How did producing come about for you?
Out of necessity! I came to LA to pursue acting, but found it so much more exciting to produce my own projects. It was liberating to stop waiting for the perfect role, and put into action something tangible. I love that by creating opportunity, I could help level up other filmmakers in the process.
Tell us, what does producing really consist of?
Producing tends to be a lot of little details. It’s seeing the big vision, and end-goals, while keeping a clear head about the day-to-day small stuff. I jokingly call it “cat herding,” but it’s so much more fun than that. I love building a team, and putting others strengths towards something bigger than themselves. It’s rewarding to look back and see how every little detail can build and feed into that larger vision.
How do you handle disagreements you may have with studios, directors, etc.?
This is something I’m still learning how to tackle. I want to be compassionate and graceful, but firm and decisive. It’s so much more how you set the tone at the start of a relationship or project. Hear people out, keep the big vision in mind, empathize with frustrations but expect greatness, and always point to the bigger picture.
What criteria do you use to select a script, screenwriter, director, etc.?
Finding the right personality is everything! I look to work with people who are passionate, professional, and can push the project further along. A perfect example of this is my best friend, Myah Hollis, an extremely talented writer. We push each other and challenge one another to be better and work harder. Find “your person.” By finding the right personality, the right project will follow.
What was the most important thing you have learned?
Don’t be afraid to stick to your guns at the risk of hurting others’ feelings. Many women (myself included) are at times fearful of what other women will think if they say “no” to something; at the risk of being labeled “bossy.” I have to constantly remind myself that this would never be the case if I were a man. Setting boundaries and expectations are crucial to creating an environment of productivity.
Did you have any specific influences growing up that lead you towards the film industry?
I’d have to say my dad, Bradley Hawkins. He first became an actor when I was very young. I always kind of rejected it as a possibility that I would ever pursue acting as a career, but in recent years, I of course, “caught the bug.” I packed up my car and had it shipped to LA and he and my mom were (and still are) my biggest cheerleaders.
I’m well aware that it’s so incredibly rare to have parents that 1.) understand the industry and all the highs and lows it comes with, and 2.) are living it as well, and want to work with you. It’s definitely been a unique journey these past few years; auditioning together, producing a short film Roller Coaster together, and now in the beginning stages of forming a production company together. Father-daughter duo for the win!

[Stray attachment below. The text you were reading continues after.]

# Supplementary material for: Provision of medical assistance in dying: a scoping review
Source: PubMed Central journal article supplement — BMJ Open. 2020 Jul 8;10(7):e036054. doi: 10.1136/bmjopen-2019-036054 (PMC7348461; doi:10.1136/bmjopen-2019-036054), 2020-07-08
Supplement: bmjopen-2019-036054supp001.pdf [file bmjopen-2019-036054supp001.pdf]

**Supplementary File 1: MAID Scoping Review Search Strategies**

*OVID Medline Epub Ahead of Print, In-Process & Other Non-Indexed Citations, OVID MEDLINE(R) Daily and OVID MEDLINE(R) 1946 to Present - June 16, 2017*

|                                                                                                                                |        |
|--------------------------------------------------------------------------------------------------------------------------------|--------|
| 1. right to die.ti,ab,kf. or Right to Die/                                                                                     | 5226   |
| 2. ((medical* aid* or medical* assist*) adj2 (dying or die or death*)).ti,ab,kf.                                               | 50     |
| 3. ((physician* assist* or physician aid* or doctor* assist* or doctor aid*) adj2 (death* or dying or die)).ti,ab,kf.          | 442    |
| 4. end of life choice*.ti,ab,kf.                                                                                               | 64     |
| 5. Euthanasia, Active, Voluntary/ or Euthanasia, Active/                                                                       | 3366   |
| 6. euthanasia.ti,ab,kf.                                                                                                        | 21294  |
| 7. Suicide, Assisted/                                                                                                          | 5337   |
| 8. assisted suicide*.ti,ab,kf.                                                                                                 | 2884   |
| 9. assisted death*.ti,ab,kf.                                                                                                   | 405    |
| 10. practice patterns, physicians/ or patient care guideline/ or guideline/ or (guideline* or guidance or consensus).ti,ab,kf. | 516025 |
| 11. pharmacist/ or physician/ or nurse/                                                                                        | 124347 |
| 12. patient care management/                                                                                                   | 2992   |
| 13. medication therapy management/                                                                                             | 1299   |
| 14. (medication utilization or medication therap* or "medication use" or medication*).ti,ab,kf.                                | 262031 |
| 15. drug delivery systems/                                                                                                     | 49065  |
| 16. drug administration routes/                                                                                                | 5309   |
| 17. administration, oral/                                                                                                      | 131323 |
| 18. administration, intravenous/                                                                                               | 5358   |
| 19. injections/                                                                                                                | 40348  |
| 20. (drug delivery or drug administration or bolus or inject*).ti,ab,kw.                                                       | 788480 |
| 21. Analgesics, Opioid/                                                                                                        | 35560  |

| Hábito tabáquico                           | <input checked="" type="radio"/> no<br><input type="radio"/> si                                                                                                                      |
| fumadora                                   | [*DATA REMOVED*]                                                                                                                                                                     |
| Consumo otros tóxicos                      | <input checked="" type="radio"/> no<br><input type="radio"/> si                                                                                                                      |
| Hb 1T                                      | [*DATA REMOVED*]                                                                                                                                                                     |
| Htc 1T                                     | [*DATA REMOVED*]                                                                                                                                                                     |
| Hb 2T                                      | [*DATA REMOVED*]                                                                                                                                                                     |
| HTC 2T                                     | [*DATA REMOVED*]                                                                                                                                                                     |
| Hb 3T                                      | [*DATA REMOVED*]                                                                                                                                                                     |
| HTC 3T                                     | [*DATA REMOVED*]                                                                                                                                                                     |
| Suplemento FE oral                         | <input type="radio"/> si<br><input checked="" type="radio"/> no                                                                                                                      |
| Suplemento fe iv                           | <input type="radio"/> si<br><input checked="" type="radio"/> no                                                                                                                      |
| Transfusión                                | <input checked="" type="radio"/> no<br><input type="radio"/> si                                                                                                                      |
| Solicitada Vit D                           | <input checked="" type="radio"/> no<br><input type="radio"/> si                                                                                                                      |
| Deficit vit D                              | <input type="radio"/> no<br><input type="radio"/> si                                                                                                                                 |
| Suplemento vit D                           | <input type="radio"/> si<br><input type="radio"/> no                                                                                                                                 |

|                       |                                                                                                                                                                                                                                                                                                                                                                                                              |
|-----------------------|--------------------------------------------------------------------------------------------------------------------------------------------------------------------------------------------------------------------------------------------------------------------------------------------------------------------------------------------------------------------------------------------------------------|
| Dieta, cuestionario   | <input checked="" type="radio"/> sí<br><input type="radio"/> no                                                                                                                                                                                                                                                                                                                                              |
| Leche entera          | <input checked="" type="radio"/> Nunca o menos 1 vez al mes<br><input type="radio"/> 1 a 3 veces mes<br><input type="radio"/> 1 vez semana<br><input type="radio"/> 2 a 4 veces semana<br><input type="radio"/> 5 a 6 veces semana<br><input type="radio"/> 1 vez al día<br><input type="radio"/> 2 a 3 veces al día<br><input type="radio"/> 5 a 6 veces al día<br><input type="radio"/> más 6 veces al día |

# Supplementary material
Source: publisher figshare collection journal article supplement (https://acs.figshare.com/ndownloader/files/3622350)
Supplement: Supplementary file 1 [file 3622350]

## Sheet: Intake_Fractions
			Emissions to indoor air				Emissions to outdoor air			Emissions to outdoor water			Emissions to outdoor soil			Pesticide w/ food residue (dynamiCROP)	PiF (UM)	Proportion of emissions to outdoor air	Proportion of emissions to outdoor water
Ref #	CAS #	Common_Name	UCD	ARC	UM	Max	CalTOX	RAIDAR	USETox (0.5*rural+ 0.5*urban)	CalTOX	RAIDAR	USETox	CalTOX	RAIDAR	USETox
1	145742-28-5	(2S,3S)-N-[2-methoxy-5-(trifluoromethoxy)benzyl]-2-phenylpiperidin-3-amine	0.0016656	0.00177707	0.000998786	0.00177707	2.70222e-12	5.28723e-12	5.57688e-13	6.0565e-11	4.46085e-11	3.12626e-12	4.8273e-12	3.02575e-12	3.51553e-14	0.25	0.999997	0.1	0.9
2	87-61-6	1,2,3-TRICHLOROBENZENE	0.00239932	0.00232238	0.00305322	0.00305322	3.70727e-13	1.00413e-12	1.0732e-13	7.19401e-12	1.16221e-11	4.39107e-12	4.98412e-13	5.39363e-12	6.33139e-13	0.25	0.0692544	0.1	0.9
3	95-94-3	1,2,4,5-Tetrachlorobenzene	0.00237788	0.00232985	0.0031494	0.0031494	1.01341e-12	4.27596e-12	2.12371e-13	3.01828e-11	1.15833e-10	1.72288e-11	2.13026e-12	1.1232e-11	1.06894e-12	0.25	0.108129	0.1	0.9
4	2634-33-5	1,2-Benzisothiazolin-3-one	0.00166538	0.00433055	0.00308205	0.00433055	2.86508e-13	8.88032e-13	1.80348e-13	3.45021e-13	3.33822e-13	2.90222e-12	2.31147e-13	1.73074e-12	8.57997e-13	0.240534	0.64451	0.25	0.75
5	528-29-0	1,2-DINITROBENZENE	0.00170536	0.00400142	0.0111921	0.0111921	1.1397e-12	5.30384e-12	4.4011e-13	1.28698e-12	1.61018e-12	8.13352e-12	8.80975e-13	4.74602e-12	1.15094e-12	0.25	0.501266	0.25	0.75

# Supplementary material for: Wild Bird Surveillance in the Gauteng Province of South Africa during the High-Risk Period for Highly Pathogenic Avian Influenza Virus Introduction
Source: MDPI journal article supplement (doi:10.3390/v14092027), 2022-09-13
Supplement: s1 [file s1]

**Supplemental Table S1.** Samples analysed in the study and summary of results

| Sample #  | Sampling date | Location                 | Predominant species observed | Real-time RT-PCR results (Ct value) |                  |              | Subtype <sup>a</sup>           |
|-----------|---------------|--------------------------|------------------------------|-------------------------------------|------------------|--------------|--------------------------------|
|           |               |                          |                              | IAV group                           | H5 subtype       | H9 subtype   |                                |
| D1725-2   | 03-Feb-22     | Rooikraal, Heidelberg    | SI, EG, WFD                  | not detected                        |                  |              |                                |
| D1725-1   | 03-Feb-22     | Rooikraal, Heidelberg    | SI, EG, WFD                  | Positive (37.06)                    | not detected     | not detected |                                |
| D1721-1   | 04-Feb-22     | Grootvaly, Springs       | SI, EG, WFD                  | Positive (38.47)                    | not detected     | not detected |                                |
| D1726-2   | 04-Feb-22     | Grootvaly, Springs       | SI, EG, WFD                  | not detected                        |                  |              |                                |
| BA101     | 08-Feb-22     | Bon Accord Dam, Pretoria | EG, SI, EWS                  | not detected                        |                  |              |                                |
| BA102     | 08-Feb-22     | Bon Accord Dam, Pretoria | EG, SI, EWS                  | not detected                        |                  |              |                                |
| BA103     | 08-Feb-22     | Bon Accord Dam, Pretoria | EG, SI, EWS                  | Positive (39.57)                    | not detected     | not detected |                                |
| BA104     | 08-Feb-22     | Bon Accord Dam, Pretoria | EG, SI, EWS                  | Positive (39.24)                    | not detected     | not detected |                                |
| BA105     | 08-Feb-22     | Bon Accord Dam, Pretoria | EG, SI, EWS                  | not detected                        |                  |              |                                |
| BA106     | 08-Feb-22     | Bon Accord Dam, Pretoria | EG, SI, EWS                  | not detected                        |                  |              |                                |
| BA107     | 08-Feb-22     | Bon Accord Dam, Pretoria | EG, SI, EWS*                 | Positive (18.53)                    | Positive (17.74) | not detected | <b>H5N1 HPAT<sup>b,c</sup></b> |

What was your first movie making experience?
My first movie making experience was acting in a student film when I was a senior in college for a friend’s final project. I have this vivid memory of being in the snow and watching my friends running circles around me, huddled in jackets carrying umbrellas. They worked in effortlessly in sync, everyone having their specific area of expertise/interest, trusting each other completely. Since this first experience, there have been short films and now working a series, and although it’s the story and the final product that you are fighting for, there’s nothing quite like being on set and the unique work family that forms.
One piece of advice to screenwriters just starting out?
Think about the end goal. Who does your story best serve? If your answer is “everyone will love this,” I would challenge you to be more specific. The more specific your niche audience is, the more a producer can help.
What’s next for you?
For my full time gig, I work for Busted Buggy Entertainment, a female-driven production and distribution company founded by actor and producer, Courtney Daniels. The company has produced New York Times Critics’ Pick, The Girl in the Book, as well as the indie-kids’ film, Rescue Dogs, which directly resulted in the adoption of 150+ animals. We’re working on a few features for the end of the year, and are actively looking for more!
Outside of BBE, I’m producing a series about women in film, by women in film, entitled Or Die Trying. We successfully complete our Seed&Spark campaign early this summer, were featured on IndieWire, and are now heading into production this October! In addition to ODT, I’m producing a pitch pilot with my dad, entitled Filling In. That project is currently in post production, but I’m excited to get it out there. Lastly, I’m producing the 2nd annual Moonfaze Feminist Film Festival in Hollywood this December! A lot of spinning plates right now, but their all projects I’m deeply passionate about and excited to bring into fruition!